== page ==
Both The Associated Press and the BBC reported the speech, and a transcript appears in Human Rights Watch's October 2011 report, as well as in the report of the United Nations Commission of Inquiry. A video clip is available on the website of Djibitv.com.
After that speech, Human Rights Watch documented the gruesome killings of at least 32 immigrants, 14 of whom were gruesomely slain, including by being set on fire. Witnesses said the aggressors made reference to Ble Goude's "order."
Ble Goude denies he ever made that speech, or any other that could have fanned the flames of hatred.
"What you are saying is totally removed from reality. I never asked the young people to put up checkpoints in order to identify the foreigners — that's not true!" he said.
"The young people they put up checkpoints to see if the people living in their neighborhoods, or in different neighborhoods, are armed or not ... I never asked anybody to put up barricades so as to control the foreigners. This isn't true! It's your own invention."
During the 40-minute interview, Ble Goude at several points got frustrated and wanted to know why the AP is interested in speaking about the past, rather than the present. He pointed to the widespread human rights abuses that have been committed by Ouattara's regime.
Although his victory at the polls was recognized by all the major world powers, Ouattara was only able to assume power after French and United Nations airstrikes made it possible for Ouattara's fighters to penetrate the security cordon around Gbagbo's bunker. The ex-president was arrested on April 11, and has since been transferred to The Hague where he is awaiting trial.
Since then, Ouattara's security forces are accused of carrying out massacres in areas of the country known to have supported the former ruler.
"Under the eyes of human rights operators, people are being abducted in Ivory Coast. You know very well they are being tortured," said Ble Goude. "No one is daring to speak about this."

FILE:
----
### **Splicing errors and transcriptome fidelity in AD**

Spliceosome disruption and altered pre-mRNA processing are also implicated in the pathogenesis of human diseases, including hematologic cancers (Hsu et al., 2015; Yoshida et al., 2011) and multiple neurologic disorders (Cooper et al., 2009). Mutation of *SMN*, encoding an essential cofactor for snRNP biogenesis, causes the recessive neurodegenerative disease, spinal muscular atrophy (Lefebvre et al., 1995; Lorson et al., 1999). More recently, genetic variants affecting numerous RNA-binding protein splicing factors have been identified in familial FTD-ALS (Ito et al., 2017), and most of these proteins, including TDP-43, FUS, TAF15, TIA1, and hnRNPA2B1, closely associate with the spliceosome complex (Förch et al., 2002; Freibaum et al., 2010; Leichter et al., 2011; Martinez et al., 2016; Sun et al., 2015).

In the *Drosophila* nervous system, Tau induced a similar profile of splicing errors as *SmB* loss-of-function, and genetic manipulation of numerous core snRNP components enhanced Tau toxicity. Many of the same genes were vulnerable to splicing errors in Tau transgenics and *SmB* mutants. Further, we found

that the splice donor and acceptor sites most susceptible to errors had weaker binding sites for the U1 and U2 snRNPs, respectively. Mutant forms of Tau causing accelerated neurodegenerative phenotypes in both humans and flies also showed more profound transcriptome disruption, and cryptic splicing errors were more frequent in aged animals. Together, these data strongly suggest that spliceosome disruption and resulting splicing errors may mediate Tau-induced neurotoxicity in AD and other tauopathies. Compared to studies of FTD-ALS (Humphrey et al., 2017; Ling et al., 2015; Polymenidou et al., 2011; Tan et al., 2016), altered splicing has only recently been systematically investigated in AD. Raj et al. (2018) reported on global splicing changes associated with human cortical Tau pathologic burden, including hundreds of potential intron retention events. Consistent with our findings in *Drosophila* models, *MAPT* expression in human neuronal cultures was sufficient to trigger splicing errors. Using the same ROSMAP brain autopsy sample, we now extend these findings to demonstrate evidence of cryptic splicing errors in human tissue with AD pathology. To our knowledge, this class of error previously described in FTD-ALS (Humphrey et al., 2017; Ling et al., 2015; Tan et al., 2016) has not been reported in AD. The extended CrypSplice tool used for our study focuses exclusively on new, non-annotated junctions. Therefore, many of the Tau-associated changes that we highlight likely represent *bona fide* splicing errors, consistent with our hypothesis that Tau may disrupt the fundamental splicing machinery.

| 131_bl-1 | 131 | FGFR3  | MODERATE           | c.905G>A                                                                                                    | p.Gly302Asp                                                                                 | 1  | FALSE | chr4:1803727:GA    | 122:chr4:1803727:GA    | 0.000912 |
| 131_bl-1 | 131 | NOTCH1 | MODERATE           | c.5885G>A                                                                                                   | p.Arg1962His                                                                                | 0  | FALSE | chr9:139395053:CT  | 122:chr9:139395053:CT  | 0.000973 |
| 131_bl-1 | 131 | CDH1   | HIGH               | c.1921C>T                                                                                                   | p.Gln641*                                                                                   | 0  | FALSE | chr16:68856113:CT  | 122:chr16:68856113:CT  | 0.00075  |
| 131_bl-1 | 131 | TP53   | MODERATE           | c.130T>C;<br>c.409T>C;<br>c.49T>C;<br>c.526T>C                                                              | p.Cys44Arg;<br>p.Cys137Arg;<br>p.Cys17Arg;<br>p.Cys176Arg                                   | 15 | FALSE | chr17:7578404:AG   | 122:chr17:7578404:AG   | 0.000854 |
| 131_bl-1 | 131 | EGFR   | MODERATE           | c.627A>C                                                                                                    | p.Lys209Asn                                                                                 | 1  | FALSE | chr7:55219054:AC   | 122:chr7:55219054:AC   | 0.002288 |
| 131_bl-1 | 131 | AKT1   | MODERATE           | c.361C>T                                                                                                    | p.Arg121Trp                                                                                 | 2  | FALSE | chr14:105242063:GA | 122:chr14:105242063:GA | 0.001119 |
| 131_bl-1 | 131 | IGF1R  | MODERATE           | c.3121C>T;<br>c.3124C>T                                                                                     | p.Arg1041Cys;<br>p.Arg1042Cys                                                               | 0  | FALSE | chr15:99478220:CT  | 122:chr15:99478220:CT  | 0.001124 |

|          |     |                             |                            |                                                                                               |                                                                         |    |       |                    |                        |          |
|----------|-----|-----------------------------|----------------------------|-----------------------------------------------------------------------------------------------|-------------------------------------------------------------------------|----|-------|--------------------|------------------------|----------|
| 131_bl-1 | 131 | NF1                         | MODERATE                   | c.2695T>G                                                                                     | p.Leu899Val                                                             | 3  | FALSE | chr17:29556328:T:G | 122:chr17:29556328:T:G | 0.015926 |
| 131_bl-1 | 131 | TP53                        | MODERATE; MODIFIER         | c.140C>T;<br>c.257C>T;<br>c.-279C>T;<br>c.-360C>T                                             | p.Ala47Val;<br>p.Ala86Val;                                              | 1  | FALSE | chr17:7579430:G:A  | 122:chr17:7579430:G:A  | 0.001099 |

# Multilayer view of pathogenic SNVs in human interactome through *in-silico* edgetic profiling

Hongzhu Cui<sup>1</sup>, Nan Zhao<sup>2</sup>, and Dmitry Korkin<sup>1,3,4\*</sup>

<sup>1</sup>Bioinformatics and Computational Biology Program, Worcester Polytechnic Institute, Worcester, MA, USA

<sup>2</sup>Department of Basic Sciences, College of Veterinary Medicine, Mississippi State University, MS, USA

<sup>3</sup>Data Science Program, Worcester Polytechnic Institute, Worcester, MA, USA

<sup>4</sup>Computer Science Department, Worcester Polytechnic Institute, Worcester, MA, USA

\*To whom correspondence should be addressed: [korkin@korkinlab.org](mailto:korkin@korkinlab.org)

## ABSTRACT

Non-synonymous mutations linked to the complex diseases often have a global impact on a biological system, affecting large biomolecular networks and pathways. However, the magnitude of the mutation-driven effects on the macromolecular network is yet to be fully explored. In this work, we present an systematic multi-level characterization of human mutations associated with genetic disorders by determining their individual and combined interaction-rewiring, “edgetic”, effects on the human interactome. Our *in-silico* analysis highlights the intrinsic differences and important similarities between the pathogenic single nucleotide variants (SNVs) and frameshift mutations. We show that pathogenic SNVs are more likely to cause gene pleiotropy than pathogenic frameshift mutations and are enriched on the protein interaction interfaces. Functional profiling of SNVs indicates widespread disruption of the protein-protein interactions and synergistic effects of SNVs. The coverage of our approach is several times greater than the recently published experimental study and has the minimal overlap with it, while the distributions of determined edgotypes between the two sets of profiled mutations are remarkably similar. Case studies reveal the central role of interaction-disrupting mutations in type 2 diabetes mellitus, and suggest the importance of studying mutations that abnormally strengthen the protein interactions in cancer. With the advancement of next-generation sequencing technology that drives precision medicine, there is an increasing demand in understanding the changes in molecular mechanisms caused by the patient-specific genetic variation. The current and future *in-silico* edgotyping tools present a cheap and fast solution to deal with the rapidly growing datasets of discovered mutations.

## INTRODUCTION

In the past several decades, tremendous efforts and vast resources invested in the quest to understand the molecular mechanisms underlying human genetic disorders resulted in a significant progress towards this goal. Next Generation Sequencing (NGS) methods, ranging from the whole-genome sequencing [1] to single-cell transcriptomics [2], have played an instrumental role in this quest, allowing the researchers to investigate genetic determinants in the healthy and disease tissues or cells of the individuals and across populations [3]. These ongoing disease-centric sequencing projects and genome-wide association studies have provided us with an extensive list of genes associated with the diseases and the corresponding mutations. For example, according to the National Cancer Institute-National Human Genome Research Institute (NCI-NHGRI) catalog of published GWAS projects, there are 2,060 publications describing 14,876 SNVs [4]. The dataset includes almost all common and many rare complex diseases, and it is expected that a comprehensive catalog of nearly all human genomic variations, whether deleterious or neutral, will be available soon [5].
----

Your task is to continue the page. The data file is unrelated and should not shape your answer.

Ble Goude called back once during the interview to try to get a clearer line. The bad connection, which at times made it impossible to hear him, suggests that he is not near a major population center. There have been countless reported sightings of him, and speculation that he is everywhere from Ghana, Liberia and Togo — countries where many Gbagbo supporters fled — to Gambia and Angola, two countries that staunchly supported Gbagbo until the end.
He belied little about his current life, saying only that he "is not dying of hunger." He is also using his time to read, especially the biography of Mandela. He says it is not safe for him to return to Ivory Coast.
"A life in hiding is never normal. The situation that Ivory Coast is living through now is not normal. So I can't have a normal daily existence," he said. "I am reading a lot and I am praying a lot. ... This is a moment of reflection for me. A moment to look back a bit at everything that happened ... It's what I am doing right now."
Callimachi is the West Africa bureau chief for The Associated Press. In 2010 and 2011, she covered the post-election violence in Ivory Coast, including the fall of Gbagbo.